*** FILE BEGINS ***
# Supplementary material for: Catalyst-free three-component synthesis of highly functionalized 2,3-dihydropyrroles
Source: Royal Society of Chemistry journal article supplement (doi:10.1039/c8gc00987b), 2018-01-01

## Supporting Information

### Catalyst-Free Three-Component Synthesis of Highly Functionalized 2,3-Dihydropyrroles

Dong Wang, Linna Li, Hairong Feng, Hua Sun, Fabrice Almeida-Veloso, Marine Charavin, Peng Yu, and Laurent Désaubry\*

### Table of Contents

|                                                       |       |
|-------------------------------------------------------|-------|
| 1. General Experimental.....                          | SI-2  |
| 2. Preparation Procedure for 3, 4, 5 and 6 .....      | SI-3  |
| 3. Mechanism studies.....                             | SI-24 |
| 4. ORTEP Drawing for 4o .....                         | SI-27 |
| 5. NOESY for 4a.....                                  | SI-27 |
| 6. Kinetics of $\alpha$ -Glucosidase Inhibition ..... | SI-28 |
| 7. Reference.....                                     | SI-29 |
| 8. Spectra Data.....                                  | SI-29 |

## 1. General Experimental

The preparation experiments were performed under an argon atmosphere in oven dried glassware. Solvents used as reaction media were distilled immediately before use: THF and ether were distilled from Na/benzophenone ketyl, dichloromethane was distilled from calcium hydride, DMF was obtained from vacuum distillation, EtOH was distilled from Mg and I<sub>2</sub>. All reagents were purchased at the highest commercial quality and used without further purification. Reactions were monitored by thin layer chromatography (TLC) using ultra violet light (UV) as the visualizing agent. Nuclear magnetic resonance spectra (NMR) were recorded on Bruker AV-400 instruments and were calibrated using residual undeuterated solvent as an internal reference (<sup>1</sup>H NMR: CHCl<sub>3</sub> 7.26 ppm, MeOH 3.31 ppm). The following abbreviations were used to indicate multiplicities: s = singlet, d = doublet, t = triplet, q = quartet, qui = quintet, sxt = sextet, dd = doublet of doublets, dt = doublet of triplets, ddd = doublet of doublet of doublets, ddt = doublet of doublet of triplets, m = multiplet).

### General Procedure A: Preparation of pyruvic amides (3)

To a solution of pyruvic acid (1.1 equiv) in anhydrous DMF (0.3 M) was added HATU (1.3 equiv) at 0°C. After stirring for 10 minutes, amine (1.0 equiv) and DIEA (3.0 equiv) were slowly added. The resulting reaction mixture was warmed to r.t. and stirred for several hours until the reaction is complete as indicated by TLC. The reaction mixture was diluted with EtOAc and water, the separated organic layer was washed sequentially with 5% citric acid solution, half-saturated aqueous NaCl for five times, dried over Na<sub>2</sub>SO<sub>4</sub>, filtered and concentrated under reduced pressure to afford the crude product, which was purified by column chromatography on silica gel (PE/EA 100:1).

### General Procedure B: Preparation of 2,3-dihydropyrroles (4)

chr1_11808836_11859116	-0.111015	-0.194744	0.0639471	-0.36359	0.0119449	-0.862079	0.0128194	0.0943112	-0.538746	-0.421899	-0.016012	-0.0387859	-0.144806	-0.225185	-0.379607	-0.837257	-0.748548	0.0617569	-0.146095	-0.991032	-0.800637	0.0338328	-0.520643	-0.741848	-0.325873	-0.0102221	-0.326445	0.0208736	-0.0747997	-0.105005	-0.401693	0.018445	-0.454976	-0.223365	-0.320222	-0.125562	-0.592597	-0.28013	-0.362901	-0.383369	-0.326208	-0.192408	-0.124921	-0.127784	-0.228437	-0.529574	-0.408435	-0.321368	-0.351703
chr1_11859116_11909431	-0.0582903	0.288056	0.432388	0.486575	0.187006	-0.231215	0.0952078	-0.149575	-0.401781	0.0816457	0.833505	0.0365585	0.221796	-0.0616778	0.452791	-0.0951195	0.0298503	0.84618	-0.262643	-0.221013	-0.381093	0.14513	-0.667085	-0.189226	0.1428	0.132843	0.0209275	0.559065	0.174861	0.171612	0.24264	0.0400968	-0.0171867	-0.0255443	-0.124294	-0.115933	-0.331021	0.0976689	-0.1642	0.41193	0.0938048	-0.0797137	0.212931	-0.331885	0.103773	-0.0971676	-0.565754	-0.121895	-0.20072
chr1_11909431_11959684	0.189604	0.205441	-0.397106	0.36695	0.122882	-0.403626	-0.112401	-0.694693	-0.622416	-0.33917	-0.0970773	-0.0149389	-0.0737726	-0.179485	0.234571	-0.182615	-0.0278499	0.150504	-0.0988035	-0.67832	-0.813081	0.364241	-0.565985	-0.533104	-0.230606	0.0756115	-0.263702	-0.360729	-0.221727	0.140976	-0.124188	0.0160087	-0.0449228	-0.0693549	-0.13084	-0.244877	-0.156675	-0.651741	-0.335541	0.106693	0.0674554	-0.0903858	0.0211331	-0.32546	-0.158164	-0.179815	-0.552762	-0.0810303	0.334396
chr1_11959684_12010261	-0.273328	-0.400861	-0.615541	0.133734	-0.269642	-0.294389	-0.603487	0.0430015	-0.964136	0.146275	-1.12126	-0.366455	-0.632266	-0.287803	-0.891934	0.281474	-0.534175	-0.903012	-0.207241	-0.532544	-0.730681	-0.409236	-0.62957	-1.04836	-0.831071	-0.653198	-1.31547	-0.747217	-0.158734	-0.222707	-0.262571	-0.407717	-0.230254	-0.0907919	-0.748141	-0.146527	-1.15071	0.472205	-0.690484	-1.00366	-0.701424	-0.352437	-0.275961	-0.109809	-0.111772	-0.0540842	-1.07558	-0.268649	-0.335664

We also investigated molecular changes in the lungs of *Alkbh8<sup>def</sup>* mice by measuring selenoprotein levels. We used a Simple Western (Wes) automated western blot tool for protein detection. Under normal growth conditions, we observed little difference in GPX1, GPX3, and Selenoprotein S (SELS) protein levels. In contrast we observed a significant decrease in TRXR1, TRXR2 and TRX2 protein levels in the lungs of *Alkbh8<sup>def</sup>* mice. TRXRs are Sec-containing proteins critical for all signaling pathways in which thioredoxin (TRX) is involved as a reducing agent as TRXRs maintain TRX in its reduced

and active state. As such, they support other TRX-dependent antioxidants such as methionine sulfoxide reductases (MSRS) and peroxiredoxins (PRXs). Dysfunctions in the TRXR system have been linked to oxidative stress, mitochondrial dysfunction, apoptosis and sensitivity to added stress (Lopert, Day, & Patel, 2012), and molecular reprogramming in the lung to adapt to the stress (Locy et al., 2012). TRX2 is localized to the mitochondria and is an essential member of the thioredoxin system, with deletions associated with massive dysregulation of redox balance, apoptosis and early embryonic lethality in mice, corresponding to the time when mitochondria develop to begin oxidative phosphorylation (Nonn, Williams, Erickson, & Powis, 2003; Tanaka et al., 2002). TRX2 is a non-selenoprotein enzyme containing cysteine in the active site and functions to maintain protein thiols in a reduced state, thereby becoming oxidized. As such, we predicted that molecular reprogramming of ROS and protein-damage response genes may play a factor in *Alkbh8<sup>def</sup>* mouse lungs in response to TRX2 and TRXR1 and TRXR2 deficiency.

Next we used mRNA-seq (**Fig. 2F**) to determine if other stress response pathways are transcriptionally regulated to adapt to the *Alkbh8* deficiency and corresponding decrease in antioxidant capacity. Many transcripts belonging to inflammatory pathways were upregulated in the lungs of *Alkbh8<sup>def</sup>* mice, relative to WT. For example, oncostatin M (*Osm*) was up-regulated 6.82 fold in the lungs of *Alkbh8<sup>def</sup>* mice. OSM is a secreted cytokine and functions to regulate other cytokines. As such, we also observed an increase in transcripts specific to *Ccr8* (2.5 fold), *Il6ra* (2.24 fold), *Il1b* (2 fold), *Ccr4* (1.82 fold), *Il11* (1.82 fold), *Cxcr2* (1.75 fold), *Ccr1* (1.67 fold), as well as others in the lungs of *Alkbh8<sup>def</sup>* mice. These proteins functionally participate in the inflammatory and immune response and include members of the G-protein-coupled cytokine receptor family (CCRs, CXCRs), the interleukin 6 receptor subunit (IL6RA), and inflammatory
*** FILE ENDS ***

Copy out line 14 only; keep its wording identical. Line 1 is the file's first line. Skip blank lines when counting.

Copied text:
| 6. Kinetics of $\alpha$ -Glucosidase Inhibition ..... | SI-28 |